Perhaps I'm in the minority, but I'm cheering Barry on. He's an asshole who hates the media.

So what?

He took steroids.

So what? Since it was so rampant, why aren't there dozens of people chasing the record?

Perhaps the lack of interest in the record stems from the fact that there truly is nothing noteworthy about it anymore. With shorter parks, crappier pitching, conditioning (with or without steroids), and potentially juiced bats and balls, a home run is old news.

There is also the fact that there is no real angle to this story. Hank Aaron is beloved People hated Hank too (although simply for the color of his skin), and part of the story was a black guy breaking a white legend's record. Here you have a hated player breaking the record of a player who (right or wrong) is known mostly as the guy who previously broke the record. Plus you have other players who are on a clip to eclipse Bonds in a few years.

Rob B said...

There aren't dozens of people chasing the record because steroids don't help you actually hit the ball--but presumably they help you develop extra power when you *do* hit it, sending the ball a little farther.

Even if it gives you an average of ten extra feet per hit, that's the difference between a long single (or even an out) and a home run.

I wonder if that happens a statistically significant number of times. Or how we could even tell.

VP81955 said...

If it's any solace, I think Barry is a long way off from breaking Aaron's other record, one less sexy than homers but arguably more important: runs batted in. Hank has 2,297.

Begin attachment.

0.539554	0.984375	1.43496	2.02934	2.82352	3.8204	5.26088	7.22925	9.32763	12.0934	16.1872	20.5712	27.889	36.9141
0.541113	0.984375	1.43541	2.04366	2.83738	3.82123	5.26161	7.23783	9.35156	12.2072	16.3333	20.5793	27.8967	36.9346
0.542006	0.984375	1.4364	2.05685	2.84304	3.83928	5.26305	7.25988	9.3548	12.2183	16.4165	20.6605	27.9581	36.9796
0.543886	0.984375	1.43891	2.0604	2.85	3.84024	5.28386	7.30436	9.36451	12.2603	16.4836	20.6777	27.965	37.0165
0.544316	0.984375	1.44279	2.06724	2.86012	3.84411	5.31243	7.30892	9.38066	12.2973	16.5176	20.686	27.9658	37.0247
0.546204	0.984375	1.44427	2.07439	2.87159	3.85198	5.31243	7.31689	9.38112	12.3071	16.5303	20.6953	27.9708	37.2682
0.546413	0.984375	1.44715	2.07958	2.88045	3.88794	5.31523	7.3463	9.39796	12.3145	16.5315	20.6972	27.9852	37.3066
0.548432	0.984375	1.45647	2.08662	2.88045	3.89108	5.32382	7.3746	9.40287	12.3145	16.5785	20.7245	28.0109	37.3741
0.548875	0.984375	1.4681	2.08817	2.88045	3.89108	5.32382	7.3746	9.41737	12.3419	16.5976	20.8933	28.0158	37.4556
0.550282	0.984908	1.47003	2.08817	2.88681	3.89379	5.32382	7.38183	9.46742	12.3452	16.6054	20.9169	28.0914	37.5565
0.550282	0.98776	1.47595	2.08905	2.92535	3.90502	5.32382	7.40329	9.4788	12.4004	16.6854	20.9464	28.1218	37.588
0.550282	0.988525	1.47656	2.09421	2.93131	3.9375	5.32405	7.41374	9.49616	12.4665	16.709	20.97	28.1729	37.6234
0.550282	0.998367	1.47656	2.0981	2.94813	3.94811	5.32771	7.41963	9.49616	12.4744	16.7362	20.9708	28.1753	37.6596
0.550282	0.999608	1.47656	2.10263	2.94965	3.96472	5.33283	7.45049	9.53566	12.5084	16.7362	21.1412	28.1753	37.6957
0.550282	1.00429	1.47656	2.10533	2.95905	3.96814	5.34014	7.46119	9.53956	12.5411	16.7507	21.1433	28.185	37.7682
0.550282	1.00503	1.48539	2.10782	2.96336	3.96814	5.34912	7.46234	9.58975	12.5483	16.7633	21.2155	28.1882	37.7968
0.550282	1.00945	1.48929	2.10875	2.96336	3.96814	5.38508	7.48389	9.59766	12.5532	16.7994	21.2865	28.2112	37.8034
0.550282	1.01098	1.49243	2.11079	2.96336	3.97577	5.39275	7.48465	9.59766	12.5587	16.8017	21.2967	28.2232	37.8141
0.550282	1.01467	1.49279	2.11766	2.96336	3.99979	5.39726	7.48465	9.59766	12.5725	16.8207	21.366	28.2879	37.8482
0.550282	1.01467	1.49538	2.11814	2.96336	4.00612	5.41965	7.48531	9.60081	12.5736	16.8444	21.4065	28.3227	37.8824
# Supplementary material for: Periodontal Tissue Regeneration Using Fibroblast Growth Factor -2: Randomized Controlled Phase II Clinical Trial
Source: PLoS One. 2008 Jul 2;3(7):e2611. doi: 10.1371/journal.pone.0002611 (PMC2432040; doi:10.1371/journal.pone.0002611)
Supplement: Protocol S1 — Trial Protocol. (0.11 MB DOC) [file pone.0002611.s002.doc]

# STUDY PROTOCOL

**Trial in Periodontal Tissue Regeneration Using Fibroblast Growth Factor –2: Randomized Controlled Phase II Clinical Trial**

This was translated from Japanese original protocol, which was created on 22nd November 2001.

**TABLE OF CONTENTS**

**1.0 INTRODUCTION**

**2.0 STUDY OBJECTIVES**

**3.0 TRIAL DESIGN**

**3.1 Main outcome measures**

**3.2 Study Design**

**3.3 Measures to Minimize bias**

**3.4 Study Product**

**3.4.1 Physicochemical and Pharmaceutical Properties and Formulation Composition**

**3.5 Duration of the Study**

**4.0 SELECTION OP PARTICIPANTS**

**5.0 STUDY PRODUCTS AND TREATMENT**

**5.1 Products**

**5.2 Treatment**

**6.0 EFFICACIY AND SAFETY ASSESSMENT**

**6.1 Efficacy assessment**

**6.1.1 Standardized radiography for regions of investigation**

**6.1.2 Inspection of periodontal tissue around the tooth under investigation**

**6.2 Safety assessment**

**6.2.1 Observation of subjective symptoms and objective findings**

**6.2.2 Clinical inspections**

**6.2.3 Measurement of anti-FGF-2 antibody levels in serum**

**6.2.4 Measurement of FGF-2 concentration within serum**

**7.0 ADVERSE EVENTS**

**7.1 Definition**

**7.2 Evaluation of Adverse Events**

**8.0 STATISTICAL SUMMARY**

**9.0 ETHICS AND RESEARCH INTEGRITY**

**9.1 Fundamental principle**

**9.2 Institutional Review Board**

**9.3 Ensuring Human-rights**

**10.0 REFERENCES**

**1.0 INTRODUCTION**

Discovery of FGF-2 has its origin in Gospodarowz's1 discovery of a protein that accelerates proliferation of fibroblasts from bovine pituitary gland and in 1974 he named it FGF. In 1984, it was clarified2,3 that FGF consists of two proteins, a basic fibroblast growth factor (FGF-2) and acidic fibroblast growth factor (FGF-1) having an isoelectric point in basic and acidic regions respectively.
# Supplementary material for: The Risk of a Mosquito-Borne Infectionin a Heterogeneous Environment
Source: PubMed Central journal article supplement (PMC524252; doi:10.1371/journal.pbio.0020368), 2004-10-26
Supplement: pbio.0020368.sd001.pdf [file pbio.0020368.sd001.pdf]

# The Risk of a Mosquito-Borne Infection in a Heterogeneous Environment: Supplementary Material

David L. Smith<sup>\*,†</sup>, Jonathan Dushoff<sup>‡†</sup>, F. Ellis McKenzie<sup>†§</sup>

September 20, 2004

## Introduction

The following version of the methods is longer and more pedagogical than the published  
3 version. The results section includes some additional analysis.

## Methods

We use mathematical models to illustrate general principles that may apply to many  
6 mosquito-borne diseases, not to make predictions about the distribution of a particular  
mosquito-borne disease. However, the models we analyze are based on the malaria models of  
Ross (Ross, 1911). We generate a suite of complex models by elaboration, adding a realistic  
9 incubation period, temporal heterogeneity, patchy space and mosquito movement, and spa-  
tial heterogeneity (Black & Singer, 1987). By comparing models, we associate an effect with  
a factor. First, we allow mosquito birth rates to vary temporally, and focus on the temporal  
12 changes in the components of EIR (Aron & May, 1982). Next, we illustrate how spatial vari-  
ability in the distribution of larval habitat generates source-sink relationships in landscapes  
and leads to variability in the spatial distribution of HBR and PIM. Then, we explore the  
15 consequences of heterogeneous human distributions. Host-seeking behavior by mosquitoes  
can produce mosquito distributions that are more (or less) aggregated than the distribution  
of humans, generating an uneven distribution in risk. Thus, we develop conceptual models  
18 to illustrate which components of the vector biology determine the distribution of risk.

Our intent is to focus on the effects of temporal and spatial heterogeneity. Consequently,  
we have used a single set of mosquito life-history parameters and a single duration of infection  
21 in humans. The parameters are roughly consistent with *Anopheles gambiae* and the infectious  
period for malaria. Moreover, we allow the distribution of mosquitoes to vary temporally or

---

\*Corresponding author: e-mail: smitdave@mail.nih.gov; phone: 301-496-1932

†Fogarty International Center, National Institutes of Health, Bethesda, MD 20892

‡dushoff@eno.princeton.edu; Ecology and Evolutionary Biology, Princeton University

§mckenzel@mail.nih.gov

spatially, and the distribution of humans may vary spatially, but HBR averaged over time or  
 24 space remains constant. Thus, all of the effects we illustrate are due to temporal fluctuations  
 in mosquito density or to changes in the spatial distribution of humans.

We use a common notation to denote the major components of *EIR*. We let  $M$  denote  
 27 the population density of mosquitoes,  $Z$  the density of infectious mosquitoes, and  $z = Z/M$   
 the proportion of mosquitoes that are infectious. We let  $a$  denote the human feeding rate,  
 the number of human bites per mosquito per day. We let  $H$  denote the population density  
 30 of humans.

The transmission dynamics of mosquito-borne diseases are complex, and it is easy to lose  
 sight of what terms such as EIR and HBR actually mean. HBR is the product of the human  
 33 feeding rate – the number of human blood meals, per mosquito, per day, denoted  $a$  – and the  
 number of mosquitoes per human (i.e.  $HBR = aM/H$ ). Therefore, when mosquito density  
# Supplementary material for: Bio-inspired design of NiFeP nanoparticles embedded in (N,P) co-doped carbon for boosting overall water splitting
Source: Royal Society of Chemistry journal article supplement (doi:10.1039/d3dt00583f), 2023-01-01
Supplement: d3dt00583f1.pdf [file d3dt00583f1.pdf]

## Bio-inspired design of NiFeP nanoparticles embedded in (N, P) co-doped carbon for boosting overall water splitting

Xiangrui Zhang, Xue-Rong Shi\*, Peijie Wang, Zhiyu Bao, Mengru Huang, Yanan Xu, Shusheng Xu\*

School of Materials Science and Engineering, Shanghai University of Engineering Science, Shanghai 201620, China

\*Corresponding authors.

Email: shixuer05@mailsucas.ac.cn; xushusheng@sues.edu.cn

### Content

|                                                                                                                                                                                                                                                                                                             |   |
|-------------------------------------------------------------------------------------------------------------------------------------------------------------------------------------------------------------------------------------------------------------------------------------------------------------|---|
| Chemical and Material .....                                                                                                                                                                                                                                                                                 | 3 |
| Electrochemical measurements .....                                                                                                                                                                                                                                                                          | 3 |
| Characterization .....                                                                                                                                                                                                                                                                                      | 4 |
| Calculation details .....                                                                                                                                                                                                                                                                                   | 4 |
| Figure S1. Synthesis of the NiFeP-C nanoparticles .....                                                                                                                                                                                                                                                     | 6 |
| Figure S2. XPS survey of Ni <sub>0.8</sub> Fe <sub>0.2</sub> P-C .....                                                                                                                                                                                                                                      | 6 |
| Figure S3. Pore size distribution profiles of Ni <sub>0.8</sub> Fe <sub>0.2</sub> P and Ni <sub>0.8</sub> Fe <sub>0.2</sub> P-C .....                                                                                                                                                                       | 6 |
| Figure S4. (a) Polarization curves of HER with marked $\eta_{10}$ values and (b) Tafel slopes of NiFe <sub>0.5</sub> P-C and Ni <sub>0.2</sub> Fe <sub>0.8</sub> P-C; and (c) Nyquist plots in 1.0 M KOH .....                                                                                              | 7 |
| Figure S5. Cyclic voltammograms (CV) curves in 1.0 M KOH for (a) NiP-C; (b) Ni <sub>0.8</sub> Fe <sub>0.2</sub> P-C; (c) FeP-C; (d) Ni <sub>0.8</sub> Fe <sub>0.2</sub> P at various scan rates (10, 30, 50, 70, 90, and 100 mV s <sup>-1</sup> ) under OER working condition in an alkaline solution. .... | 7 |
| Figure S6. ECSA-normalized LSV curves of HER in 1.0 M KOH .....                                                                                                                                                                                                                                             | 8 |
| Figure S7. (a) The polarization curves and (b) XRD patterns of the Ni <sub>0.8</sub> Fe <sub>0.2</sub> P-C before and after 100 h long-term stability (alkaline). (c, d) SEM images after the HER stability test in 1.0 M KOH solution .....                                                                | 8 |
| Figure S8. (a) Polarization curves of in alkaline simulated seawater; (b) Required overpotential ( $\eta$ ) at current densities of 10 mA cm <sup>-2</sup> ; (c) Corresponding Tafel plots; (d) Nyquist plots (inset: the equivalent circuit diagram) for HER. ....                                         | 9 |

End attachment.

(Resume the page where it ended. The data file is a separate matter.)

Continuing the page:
webbie said...

I had the great good fortune to meet Hank Aaron. The man is a total class act. This is a man who broke down walls. I remember when he broke the record. It was an amazing moment.

It is my sincerest wish that Barry Bonds breaks a new record....the most walks issued against a single player. I will personally cheer each team that chooses to walk BB over offering him the chance to steal the record.

R.A. Porter said...

I'm close to you Webbie. I'd like him to reach first a lot. But I'd like to see it exclusively on HBP.

Armor or no, that's gonna sting.

The Curmudgeon said...

I thought the Feds would have indicted Barry by now; that would have given MLB the opportunity to bench him.

The hypocrites.

MLB winked and nodded and nudged while Sammy Sosa bragged about taking "Flinstone vitamins" -- and Mark McGwire? We surely suspected it. We cheered anyway didn't we?

So MLB encouraged players to, uh, bulk up (so that we would forget and forgive the loss of the 1994 season) and now is wringing its corporate hands because Jose Canseco (among others) spilled the beans. Poor, two-faced babies.

If as many people juiced as Canseco claims, there must have been a lot of .220-hitting juicers out there. Barry Bonds' achievements are remarkable in any era.

Finally, its Mr. Aaron's record that is about to be eclipsed -- not Mr. Aaron himself. So I say no asterisk. And let Bonds (and McGwire) in the HOF in due time. But boo your lungs out at Barry -- and cherish Mr. Aaron all the more.

Wally said...

Well said, Ken. Well said. George Vecsey also had an excellent column on this matter in yesterday's New York Times.

D said...

IMHO - Records aren't made to be broken, they are made to spur conversation (arguments, fights, whatever) in bars, on the radio, on road trips etc. They allow people of different generations to talk passionately and create bonds. (sorry)

Personally I'd like to see him set a record for most strike-outs in a row until he retires. I'd also like to look like Cary Grant.

DodgerGirl said...

You can probably guess how I feel about the subject, given my screenname. If Bonds still hasn't broken the record when the Giants get to Dodger Stadium, I hope the Dodgers walk him every single time he comes up.

Not in my house, you petulant, moon-faced, overpaid, overpriviledged sourpuss.

Graham Powell said...

Even if we knew for a fact that Bonds never took steroids I would prefer that he not brake Aaron's record. As others have said, Aaron is a class act and Bonds is an asshole.

benson said...

Seriously, DodgerGirl, how do you feel about him? :)

Cap'n Bob Napier said...

Maybe the steriods will have their own just reward for Bonds. Like that wrestler, he might hang himself.

I think the commissioner ought to boycott the event if only to send the messsage that steroid freaks aren't welcome in the game.